Since subsurface utility maps are so essential to reducing risk on many construction jobs, research continues to improve buried-utility detection and mapping tools. Image courtesy of Underground Imaging Technologies Combined sensors help map buried features in difficult soil conditions Several concepts were showcased at a conference produced by FIATECH, an industry consortium working to improve project delivery through technology, in Phoenix in late April. One presenter, James Anspach, chairman of the American Society of Civil Engineers' codes and standards committee, noted that the U.S. has trillions of dollars invested in some 20 million miles of known, buried utilities. “Existing utilities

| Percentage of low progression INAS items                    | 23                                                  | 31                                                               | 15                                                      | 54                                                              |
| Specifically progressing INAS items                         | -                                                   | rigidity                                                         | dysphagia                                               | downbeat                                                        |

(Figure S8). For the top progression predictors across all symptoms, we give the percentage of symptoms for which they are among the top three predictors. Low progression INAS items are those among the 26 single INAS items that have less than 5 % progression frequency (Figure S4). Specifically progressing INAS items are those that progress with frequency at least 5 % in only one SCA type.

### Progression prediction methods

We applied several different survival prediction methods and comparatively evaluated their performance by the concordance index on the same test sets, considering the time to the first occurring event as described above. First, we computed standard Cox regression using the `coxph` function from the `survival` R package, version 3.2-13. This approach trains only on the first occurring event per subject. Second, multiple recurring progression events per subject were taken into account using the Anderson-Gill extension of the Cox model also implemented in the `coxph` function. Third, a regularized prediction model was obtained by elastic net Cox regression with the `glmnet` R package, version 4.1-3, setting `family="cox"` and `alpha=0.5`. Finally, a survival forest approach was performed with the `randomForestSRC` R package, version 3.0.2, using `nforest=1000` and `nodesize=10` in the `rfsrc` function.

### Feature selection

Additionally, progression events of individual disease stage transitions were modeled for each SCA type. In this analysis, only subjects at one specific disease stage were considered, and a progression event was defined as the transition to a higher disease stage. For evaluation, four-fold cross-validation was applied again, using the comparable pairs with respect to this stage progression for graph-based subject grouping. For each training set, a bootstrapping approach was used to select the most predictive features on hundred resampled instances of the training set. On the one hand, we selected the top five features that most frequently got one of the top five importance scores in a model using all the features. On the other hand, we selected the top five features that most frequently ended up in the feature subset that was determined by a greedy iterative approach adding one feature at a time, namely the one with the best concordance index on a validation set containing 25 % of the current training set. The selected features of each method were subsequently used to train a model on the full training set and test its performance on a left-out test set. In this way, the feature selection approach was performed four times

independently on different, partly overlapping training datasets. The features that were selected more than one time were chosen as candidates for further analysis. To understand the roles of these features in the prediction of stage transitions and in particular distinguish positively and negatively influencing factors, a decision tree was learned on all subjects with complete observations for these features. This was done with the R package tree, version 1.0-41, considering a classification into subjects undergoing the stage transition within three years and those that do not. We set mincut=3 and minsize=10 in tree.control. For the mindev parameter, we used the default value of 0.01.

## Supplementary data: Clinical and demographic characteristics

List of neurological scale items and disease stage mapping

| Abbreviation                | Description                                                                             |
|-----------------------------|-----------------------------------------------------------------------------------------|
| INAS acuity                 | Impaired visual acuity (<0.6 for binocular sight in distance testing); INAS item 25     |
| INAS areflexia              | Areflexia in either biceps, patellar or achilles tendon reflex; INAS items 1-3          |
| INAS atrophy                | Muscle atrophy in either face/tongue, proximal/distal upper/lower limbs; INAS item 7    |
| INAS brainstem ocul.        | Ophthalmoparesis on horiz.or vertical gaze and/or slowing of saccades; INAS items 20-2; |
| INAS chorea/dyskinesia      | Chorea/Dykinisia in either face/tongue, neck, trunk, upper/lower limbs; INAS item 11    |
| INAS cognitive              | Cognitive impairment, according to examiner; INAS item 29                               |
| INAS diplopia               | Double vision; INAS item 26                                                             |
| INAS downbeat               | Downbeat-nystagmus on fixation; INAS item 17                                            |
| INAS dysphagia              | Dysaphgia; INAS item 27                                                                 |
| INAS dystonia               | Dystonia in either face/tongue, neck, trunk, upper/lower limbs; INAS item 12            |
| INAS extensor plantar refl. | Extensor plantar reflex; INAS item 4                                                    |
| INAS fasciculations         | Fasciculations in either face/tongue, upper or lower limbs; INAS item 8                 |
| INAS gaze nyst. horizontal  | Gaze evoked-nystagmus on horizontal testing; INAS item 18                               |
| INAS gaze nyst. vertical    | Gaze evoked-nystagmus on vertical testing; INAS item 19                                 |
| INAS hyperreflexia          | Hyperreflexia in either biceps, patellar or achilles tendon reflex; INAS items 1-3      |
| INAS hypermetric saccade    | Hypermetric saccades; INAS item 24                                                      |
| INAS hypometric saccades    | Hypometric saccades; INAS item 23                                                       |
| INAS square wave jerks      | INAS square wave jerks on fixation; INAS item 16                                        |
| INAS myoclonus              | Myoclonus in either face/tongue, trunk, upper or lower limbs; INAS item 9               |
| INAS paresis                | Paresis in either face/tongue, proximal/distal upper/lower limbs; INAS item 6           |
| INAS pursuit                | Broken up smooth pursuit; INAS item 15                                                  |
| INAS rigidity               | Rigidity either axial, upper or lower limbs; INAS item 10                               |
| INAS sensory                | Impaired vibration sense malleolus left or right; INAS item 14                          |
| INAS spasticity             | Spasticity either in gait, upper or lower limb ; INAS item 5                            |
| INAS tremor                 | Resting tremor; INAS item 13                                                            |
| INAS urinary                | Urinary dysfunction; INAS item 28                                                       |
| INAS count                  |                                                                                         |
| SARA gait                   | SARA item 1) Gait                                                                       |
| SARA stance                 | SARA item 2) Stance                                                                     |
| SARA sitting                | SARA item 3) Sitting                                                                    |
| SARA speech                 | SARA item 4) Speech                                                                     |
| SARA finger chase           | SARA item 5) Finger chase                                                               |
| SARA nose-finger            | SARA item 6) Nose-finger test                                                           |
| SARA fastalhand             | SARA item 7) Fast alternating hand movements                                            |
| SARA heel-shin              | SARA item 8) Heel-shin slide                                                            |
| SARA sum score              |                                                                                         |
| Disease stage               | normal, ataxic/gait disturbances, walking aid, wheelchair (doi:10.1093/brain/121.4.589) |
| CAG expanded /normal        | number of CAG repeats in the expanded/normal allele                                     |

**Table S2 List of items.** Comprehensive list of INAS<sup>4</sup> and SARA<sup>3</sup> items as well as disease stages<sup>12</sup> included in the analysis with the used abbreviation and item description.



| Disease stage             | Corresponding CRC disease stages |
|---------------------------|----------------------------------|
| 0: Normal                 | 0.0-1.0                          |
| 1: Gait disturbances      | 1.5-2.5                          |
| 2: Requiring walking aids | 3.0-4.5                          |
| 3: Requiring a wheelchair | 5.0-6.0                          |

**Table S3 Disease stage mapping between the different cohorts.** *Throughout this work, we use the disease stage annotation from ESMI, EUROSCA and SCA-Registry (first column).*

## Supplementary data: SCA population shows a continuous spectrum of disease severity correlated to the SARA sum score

The market is generally healthy and steadily growing, and margins are up for large specialty contractors. Further, advances in design tools and owner demand for collaboration are giving subcontractors a seat at the table early on in projects.